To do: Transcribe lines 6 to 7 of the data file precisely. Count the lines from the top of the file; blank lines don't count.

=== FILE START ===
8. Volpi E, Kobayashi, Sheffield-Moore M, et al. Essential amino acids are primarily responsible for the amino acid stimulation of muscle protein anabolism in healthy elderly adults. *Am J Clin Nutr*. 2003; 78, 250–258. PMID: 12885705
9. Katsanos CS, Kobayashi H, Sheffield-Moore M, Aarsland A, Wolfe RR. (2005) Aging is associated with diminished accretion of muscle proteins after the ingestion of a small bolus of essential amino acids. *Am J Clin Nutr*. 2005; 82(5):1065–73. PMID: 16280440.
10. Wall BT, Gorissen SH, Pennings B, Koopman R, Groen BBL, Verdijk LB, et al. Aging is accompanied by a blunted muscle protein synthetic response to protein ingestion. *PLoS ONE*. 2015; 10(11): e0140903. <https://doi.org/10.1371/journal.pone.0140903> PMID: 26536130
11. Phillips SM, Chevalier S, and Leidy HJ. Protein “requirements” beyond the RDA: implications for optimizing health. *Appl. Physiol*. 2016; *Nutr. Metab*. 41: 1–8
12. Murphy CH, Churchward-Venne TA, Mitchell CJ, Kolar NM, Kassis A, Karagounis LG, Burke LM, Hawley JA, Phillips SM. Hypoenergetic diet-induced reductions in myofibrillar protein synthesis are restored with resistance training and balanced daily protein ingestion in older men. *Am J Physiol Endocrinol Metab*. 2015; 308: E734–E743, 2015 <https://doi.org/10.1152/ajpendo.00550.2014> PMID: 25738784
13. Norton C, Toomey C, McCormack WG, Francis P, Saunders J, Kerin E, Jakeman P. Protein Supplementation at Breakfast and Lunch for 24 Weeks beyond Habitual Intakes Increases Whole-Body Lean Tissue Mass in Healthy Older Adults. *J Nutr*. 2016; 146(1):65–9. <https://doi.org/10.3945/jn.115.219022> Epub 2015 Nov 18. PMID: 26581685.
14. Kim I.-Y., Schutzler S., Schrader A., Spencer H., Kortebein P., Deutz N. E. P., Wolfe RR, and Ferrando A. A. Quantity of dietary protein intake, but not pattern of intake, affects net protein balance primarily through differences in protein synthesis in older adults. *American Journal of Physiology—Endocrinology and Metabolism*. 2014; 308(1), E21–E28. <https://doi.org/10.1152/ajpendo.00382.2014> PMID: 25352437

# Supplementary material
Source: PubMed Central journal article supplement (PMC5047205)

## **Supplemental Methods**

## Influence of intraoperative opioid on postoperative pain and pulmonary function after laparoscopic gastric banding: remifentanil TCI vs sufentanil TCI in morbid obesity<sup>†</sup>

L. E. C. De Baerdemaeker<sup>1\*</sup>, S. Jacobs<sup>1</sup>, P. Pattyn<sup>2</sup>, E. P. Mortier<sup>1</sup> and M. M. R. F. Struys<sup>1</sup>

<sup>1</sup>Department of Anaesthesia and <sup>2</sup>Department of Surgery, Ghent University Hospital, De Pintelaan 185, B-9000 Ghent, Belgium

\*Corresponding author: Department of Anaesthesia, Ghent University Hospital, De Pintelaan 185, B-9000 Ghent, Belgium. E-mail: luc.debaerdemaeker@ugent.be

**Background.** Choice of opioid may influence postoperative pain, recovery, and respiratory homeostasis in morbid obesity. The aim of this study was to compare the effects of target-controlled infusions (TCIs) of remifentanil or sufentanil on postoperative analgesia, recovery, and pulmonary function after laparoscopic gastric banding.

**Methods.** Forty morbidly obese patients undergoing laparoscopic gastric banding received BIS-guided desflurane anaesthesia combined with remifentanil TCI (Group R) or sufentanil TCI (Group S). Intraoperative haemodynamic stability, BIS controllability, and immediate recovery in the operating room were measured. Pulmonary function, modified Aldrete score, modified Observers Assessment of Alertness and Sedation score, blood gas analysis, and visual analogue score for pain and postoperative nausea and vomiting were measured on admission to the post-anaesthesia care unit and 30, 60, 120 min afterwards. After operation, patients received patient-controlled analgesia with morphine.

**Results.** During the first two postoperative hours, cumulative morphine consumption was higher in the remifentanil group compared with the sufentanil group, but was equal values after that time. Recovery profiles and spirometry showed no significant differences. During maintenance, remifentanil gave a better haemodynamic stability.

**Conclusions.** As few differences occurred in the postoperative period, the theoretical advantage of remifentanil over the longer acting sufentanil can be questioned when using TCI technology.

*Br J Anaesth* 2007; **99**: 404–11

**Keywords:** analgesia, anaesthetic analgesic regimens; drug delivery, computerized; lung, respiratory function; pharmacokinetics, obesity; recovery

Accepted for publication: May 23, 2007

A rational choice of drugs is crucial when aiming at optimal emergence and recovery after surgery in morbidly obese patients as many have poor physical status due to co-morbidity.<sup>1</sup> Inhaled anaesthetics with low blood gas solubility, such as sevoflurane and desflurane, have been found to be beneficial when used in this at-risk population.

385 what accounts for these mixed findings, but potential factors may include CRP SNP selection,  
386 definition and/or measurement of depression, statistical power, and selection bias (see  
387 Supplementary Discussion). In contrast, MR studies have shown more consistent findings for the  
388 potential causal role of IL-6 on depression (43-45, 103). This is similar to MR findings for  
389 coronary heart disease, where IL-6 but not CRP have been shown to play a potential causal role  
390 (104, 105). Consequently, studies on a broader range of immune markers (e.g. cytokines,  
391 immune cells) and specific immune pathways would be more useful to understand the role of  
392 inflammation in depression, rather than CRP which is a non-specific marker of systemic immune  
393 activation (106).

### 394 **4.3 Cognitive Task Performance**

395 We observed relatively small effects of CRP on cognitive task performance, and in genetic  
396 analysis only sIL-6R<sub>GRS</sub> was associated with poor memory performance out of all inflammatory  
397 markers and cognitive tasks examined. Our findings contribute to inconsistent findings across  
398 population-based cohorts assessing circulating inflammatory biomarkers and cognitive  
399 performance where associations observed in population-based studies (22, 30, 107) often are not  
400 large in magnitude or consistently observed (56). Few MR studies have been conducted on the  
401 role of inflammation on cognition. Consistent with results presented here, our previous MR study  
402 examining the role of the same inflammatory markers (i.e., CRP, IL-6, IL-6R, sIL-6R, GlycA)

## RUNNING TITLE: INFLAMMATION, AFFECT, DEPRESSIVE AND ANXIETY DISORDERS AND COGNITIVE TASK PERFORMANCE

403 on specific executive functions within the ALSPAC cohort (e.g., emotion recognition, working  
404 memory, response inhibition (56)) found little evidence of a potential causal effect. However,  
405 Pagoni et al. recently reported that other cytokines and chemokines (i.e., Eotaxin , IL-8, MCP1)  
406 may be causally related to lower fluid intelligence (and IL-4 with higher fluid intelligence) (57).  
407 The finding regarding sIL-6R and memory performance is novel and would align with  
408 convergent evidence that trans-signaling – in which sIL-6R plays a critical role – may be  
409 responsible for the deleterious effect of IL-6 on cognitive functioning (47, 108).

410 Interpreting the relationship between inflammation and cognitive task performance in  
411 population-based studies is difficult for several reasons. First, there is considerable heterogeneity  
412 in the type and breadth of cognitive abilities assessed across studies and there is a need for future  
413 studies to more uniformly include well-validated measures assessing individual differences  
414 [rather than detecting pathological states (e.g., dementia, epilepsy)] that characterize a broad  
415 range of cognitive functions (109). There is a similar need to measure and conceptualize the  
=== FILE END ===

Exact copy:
13. Norton C, Toomey C, McCormack WG, Francis P, Saunders J, Kerin E, Jakeman P. Protein Supplementation at Breakfast and Lunch for 24 Weeks beyond Habitual Intakes Increases Whole-Body Lean Tissue Mass in Healthy Older Adults. *J Nutr*. 2016; 146(1):65–9. <https://doi.org/10.3945/jn.115.219022> Epub 2015 Nov 18. PMID: 26581685.
14. Kim I.-Y., Schutzler S., Schrader A., Spencer H., Kortebein P., Deutz N. E. P., Wolfe RR, and Ferrando A. A. Quantity of dietary protein intake, but not pattern of intake, affects net protein balance primarily through differences in protein synthesis in older adults. *American Journal of Physiology—Endocrinology and Metabolism*. 2014; 308(1), E21–E28. <https://doi.org/10.1152/ajpendo.00382.2014> PMID: 25352437